Time of Bribery


Tunnell contends that the government failed to establish the acts of bribery allegedly committed in February and March of 1974. In response to a motion for a bill of particulars, the government stated that Tunnell furnished Russell with the sexual company of Linda Angelo on March 2 or 3, 1974. The evidence establishes that Ms. Angelo had been shot in the course of a robbery on March 2 and had not been with Russell on either date. Because the evidence does not prove the exact date detailed in the bill of particulars, Tunnell argues that this predicate crime is not proven and the RICO offense based thereon is not supported. We cannot agree.


In this circuit, it is established that the prosecution is "not required to prove the exact date; it suffices if a date reasonably near is established." United States v. Grapp, 653 F.2d 189, 195 (5th Cir. 1981) (citing Russell v. United States, 429 F.2d 237, 238 (5th Cir. 1970) ("within reasonable limits, proof of any date before the return of the indictment and within the statute of limitations is sufficient.")). See United States v. Vahalik, 606 F.2d 99 (5th Cir. 1979). In view of the evidence in this case, the precise date of the offense is not significant.


The record contains ample evidence that the named prostitute did engage in sexual relations with the justice of the peace. Both testified to the fact of the sexual relations, although Russell was uncertain of the dates. The prostitute attested to having sexual intercourse with Russell on three occasions. Her testimony indicates that these acts occurred during a six month period from October 1973 to March 1974. Other evidence reflects that during 1974 Tunnell reimbursed Russell for monies he paid prostitutes at the Pines Motel. We find no merit in this assigned error.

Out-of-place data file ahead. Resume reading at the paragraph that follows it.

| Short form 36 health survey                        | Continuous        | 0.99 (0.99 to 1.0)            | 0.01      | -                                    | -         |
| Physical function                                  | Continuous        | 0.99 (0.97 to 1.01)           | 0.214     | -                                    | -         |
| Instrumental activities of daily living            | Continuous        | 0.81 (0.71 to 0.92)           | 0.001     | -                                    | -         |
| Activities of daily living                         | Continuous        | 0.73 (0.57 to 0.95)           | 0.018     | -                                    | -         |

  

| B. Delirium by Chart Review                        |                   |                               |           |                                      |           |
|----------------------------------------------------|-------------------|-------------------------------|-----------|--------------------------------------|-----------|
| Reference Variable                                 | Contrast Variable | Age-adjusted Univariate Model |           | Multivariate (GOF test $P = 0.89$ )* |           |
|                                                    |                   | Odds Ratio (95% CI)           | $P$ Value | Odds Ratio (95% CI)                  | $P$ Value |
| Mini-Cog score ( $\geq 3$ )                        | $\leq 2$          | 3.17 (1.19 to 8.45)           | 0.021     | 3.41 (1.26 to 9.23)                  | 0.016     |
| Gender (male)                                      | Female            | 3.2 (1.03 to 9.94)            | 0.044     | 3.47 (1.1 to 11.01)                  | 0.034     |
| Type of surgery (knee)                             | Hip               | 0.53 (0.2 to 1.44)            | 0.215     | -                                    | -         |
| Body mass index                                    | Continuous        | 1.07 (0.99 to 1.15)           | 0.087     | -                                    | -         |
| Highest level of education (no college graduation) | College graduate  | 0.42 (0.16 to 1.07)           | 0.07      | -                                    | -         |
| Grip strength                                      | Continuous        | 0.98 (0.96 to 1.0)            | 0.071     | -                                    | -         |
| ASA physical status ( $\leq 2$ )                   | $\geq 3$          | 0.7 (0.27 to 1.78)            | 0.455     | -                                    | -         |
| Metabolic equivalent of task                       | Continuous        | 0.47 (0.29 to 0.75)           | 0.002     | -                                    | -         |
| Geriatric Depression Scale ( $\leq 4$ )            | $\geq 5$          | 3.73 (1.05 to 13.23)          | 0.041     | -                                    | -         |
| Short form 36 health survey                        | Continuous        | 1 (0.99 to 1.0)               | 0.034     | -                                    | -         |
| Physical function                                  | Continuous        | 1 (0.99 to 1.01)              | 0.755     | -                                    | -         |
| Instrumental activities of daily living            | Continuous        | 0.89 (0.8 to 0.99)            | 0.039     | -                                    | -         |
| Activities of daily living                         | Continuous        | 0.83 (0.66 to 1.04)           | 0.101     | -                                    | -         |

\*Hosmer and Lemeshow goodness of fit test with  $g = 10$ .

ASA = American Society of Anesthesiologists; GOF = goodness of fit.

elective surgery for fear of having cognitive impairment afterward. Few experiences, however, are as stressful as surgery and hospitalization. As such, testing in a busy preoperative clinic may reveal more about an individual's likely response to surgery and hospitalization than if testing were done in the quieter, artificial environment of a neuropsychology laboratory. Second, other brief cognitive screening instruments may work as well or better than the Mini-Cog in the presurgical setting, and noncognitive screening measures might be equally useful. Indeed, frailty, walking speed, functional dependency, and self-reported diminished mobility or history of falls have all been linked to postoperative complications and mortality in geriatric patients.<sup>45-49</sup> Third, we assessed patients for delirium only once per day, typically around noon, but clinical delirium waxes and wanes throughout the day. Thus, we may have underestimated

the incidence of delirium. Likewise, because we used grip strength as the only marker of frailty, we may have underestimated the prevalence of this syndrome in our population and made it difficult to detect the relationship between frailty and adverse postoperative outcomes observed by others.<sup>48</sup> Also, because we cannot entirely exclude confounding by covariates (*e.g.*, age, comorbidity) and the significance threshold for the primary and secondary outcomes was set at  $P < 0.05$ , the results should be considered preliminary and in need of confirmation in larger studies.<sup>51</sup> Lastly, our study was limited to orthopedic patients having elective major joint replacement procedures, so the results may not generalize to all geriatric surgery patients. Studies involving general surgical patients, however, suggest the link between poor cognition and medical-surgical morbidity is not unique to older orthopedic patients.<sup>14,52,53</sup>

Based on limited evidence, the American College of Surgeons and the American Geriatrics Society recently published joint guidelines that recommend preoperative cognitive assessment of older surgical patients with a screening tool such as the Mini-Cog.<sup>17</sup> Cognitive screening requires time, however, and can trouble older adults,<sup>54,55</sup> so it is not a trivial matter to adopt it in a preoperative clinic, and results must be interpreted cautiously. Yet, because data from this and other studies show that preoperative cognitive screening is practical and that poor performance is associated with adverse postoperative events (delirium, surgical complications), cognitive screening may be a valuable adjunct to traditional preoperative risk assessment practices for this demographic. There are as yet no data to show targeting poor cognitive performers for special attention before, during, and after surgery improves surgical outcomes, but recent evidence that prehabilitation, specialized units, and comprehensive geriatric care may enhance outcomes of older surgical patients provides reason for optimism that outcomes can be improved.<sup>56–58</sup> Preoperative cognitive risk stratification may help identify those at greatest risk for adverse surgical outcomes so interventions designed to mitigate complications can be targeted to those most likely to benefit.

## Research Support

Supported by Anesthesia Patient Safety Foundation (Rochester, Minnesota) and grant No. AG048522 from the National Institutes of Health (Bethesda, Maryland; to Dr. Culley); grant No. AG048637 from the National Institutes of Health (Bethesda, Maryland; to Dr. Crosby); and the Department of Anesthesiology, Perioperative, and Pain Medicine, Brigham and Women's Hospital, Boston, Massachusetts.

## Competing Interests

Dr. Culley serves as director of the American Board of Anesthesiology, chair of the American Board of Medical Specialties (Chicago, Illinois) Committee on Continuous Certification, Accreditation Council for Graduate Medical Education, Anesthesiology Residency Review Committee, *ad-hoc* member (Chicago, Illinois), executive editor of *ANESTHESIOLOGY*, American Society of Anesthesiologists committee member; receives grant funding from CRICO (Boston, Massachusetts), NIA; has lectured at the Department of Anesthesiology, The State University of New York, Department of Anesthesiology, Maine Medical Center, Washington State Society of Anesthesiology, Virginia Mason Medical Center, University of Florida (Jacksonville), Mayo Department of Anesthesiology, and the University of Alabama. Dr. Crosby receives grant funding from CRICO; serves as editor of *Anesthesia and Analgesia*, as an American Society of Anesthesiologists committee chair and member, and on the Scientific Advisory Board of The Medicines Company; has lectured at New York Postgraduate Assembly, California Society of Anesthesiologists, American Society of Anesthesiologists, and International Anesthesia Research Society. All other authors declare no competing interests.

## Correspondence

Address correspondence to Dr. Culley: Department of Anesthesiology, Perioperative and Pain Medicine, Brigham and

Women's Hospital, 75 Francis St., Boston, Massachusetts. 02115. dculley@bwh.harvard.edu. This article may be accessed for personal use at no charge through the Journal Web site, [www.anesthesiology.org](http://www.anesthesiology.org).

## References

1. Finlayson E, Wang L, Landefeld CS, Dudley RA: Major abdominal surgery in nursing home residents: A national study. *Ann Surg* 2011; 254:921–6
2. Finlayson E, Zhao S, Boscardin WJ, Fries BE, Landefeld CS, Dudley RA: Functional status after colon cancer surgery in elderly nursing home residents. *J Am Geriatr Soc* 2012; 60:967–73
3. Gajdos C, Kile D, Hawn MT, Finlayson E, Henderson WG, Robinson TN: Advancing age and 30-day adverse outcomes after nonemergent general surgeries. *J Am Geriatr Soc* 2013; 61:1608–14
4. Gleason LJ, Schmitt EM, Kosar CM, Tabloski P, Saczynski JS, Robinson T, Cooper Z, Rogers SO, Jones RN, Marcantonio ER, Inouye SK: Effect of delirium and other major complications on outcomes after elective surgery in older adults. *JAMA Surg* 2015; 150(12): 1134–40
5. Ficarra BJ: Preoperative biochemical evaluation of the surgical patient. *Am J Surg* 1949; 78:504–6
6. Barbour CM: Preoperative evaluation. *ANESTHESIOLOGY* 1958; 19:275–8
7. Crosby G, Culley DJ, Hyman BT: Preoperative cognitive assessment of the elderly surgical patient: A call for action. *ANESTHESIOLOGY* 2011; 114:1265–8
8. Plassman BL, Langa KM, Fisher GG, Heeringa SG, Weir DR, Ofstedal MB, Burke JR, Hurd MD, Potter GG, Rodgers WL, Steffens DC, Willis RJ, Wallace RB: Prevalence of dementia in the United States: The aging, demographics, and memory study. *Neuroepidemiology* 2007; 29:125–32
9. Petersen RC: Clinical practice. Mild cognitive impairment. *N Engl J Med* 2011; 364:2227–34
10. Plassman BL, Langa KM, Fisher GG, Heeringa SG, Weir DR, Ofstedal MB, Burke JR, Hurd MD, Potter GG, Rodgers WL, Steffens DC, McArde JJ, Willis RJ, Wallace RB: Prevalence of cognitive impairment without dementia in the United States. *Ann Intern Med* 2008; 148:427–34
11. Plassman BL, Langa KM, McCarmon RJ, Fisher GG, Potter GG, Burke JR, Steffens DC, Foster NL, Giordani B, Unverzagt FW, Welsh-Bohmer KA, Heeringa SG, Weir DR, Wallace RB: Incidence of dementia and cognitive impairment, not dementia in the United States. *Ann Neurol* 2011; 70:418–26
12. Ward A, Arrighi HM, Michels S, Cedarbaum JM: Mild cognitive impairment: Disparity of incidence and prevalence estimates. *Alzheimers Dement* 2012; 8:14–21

Aiding and Abetting


Tunnell challenges the sufficiency of the evidence relating to his aiding and abetting French in her acts of bribery. Specifically, Tunnell argues that the mere act of leasing his motel to French, even with knowledge that she intended to conduct a prostitution operation on the premises, is not enough to link him to the bribery of public officials as a principal under 18 U.S.C. § 2. While simple presence at the scene of a crime is insufficient to convict one of aiding and abetting, United States v. Longoria, 569 F.2d 422 (5th Cir. 1978), the record establishes that Tunnell played an active role in the prostitution business and in the corruption of local officials. He obviously was more involved than he was prepared to admit.